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Guide for BA dissertation students

Luke Elson
July 2021

I’m glad to be supervising your dissertation! I enjoy supervision, and I’ve learnt a lot of philosophy from it.

This document sets out some expectations and advice. Nothing here is set in stone… it’s just how I normally do things, and some advice that I’ve picked up over the years.

The dissertation is far more independent than other philosophy modules. I won’t chase you up about deadlines or meetings, and it’s up to you to manage the year-long project. My role is to make comments and suggestions, and offer advice. I won’t be the main marker at the end of the year, and at the end of the day you can choose to ignore my advice—it’s your work.

You should take the dissertation seriously. It is worth 40 credits—because the third year is worth twice as much as the second year, it is worth four times as much as a 20-credit second-year module.

If this doesn’t appeal to you, why not switch to an Independent Learning Module, which counts for less and takes place entirely in the Summer? The ILM is a perfectly respectable option, and many of our best students (including several who’ve gone on to further study in philosophy) have done it. I’d urge you to consider a change now, whilst you can still easily pick up an extra module to cover the credits.

But if not, read on…

The Process

  1. You will have submitted a short proposal early in the Summer break, and on that basis been assigned to me as a supervisor.

  2. You should read a couple of books over the Summer break if possible. No need to take notes: just get familiar with some of the literature.

  3. Around the start of Autumn term, you contact me to discuss your topic (maybe sending me your earlier proposal), and I might ask you what you are reading, and make some suggestions. Probably if you are reading this document, this has already happened.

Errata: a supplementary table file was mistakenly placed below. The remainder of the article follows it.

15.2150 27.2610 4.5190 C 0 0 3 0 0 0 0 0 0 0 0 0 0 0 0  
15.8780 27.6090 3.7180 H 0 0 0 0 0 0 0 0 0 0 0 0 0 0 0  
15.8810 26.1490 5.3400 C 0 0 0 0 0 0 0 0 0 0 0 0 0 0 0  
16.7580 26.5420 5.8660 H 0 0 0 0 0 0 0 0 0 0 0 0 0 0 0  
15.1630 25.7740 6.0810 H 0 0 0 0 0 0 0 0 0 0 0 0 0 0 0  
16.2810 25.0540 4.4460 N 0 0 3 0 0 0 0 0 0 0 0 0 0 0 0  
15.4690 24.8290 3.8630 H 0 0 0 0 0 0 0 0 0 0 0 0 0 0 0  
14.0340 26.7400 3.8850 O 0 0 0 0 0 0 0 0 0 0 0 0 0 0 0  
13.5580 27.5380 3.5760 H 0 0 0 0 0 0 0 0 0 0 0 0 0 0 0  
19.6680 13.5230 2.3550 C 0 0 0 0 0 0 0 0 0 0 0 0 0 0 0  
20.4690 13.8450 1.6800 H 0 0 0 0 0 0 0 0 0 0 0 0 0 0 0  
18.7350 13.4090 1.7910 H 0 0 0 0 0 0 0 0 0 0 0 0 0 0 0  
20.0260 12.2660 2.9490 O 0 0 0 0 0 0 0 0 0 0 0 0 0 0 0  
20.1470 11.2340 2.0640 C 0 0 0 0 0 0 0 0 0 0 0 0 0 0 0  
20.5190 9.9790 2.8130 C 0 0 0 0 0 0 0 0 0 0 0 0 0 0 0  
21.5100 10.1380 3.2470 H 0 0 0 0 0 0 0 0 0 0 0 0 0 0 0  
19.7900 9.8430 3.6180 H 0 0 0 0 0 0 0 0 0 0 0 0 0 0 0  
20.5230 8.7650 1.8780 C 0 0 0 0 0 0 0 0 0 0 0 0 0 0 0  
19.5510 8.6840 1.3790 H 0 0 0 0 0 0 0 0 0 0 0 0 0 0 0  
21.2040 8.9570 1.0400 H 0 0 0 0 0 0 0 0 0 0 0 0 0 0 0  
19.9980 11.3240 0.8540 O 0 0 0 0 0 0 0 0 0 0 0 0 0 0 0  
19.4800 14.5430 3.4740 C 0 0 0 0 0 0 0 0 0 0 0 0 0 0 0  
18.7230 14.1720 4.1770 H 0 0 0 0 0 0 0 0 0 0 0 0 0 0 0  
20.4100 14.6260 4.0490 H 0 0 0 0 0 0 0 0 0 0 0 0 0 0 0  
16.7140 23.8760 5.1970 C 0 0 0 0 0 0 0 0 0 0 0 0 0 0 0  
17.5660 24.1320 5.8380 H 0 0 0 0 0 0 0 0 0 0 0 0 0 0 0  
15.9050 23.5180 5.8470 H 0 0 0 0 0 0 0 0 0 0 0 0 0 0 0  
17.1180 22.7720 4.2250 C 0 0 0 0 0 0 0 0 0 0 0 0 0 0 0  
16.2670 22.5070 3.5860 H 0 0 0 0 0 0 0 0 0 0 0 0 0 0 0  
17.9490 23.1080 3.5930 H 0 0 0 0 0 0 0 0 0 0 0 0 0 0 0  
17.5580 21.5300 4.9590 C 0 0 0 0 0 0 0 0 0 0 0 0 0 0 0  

4. The Autumn assessed proposal sneaks up surprisingly quickly, so if you haven’t done anything over the Summer then now is the time to get reading.

  5. The usual system is that you email me to arrange a meeting, attaching a draft of some work, and I’ll comment on the draft and return the document to you by email. Then at the meeting we talk through my comments.

  6. I need at least a week to properly read something and make comments.

  7. You can send me a draft of a section, or even your summary of and reactions to something you’ve read. But please don’t send a bullet-point plan—I can only comment effectively on complete sentences/paragraphs.

  8. Especially when the busy Summer term comes, I can’t read multiple drafts of the full dissertation. I will definitely read one full draft, but it’ll take me at least a week to do so, and I’ll probably have substantial comments (meaning changes for you, if you agree with my comments).

Advice

  1. Don’t leave it past late Spring term to write a full draft, because you might not have time to make major changes.

  2. Don’t forget the proposal and presentation. They count for a huge chunk of your mark, and are a good chance to get feedback from other people.

  3. Take ownership of the process. For example, if you’ve not written something you’re happy to discuss, email me saying so and moving the meeting back by a week or two. Meetings without anything written to discuss can often be unstructured and not very helpful.